From Iceland — What Are Icelanders Talking About: The Machine Must Be Fed

What Are Icelanders Talking About: The Machine Must Be Fed

Published January 6, 2022

Andie Sophia Fontaine
Photo by
John Pearson

You’ve heard of COVID fatigue; now get ready for volcano fatigue. A series of earthquakes near Fagradalsfjall that began on December 21st caught more attention with international readers than it did with the locals. The quakes have since calmed, prompting a number of scientists to compare the situation to the run-up to the eruption last March—without explicitly saying that another eruption is on the way. This news has been greeted with more of a shrug than a shriek, probably due in no small part to the current disaster we have going on in the pandemic, which leads us to…

As the Omicron variant runs rampant across this country, Icelanders were more than a little bit confused by Minister of Health Willum Þór Þórsson announcing new pandemic “restrictions” that essentially amounted to little more than slightly lowering the social gathering limit and re-enacting the two-metre rule. This was followed by Minister of Schools and Children’s Affairs Ásmundur Einar Daða­son announcing that he was not only not going to extend the end of winter break for schools from January 4th to January 10th, as chief epidemiologist Þórólfur Guðnason had recommended; he also told reporters that it was absolutely crucial to send kids back to school—despite this variant showing particular virulence amongst children. On top of all this, hospitals are already stretched to the limit, but many health care workers have had to go into quarantine or isolation on account of coronavirus infections or the risks thereof. With all this being the case, we probably shouldn’t expect to get out of this pandemic any time soon.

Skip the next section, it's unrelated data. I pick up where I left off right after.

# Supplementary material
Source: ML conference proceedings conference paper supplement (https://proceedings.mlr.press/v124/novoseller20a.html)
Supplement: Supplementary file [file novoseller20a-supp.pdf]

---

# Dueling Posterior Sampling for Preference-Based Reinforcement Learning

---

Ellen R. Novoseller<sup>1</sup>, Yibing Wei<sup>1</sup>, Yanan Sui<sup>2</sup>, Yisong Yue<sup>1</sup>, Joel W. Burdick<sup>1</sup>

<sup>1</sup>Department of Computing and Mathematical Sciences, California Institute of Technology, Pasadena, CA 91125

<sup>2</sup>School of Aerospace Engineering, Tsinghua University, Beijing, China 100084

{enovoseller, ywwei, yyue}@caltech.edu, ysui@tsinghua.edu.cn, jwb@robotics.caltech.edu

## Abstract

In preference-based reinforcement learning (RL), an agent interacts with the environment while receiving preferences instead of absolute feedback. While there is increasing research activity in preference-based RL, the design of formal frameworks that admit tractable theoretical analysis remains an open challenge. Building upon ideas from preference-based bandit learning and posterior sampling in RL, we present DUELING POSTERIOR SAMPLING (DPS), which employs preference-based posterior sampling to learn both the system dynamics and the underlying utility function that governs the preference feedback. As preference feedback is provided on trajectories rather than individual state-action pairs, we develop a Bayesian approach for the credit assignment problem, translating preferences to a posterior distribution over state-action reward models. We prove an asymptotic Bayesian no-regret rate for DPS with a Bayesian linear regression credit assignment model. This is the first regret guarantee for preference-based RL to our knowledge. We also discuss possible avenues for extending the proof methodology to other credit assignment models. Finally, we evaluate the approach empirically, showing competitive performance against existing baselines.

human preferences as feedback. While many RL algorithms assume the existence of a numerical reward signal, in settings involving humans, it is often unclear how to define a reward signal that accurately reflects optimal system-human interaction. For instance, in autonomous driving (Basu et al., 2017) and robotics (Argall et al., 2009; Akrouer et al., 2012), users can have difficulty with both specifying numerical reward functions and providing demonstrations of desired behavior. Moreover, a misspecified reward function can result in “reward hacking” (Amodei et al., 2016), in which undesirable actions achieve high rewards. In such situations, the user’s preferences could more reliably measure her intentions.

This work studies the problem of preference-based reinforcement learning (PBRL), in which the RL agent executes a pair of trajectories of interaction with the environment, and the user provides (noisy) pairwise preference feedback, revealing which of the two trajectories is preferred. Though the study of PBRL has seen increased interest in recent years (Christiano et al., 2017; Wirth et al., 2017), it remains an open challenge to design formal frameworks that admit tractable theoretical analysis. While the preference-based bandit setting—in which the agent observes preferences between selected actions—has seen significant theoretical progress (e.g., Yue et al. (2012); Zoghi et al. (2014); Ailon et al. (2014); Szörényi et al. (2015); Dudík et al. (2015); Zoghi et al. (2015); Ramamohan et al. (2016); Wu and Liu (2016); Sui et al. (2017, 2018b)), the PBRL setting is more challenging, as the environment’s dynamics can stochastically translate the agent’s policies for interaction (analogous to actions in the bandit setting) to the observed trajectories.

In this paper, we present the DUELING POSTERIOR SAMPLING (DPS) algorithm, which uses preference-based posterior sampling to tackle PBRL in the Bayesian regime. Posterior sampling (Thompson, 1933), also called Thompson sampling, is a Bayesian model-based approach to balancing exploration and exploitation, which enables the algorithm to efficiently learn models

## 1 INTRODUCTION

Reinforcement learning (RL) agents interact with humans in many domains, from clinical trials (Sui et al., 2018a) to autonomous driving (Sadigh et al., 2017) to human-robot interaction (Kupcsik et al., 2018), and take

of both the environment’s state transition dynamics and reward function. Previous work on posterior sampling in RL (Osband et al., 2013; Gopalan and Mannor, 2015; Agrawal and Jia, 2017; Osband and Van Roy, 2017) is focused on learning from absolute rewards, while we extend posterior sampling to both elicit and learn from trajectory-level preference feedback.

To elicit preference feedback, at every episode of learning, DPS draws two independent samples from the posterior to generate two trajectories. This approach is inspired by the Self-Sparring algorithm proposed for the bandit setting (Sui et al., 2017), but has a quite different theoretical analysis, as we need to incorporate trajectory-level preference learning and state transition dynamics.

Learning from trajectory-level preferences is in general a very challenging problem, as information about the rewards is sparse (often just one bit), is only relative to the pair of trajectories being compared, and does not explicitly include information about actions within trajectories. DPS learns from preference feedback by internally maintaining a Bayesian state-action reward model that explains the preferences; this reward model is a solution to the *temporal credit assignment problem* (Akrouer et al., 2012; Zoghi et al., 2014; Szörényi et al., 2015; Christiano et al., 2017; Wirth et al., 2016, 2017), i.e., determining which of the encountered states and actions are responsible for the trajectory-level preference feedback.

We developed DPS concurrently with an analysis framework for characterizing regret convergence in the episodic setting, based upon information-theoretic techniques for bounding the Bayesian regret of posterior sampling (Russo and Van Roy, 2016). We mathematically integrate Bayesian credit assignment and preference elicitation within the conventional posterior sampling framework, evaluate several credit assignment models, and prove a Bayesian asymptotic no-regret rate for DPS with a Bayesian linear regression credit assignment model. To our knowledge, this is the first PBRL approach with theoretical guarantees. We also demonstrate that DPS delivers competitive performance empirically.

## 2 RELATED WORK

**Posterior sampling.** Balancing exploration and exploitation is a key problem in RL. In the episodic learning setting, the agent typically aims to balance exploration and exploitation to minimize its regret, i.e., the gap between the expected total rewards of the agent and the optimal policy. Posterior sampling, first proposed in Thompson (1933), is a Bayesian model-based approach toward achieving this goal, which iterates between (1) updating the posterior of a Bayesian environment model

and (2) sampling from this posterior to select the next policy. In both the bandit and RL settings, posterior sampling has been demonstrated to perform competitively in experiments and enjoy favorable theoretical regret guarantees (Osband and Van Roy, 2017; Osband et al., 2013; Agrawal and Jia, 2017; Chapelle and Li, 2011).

Fireworks were briefly a hot topic in the run-up to New Year’s Eve. As with every year, there were people pointing out how polluting fireworks are, how they frighten animals, and how hazardous they can be in the hands of intoxicated adults. Whenever any of these things were pointed out on social media, there was always a cadre of people who baulked at the suggestion to buy fewer or no fireworks, with some vowing to buy even more. Come New Year’s Day, winds mercifully swept the heavy metals and other pollutants away (from us, at least), but already-overstretched hospitals reported treating numerous fireworks-related injuries, and brush fires caused by fireworks erupted across a significant portion of South Iceland.

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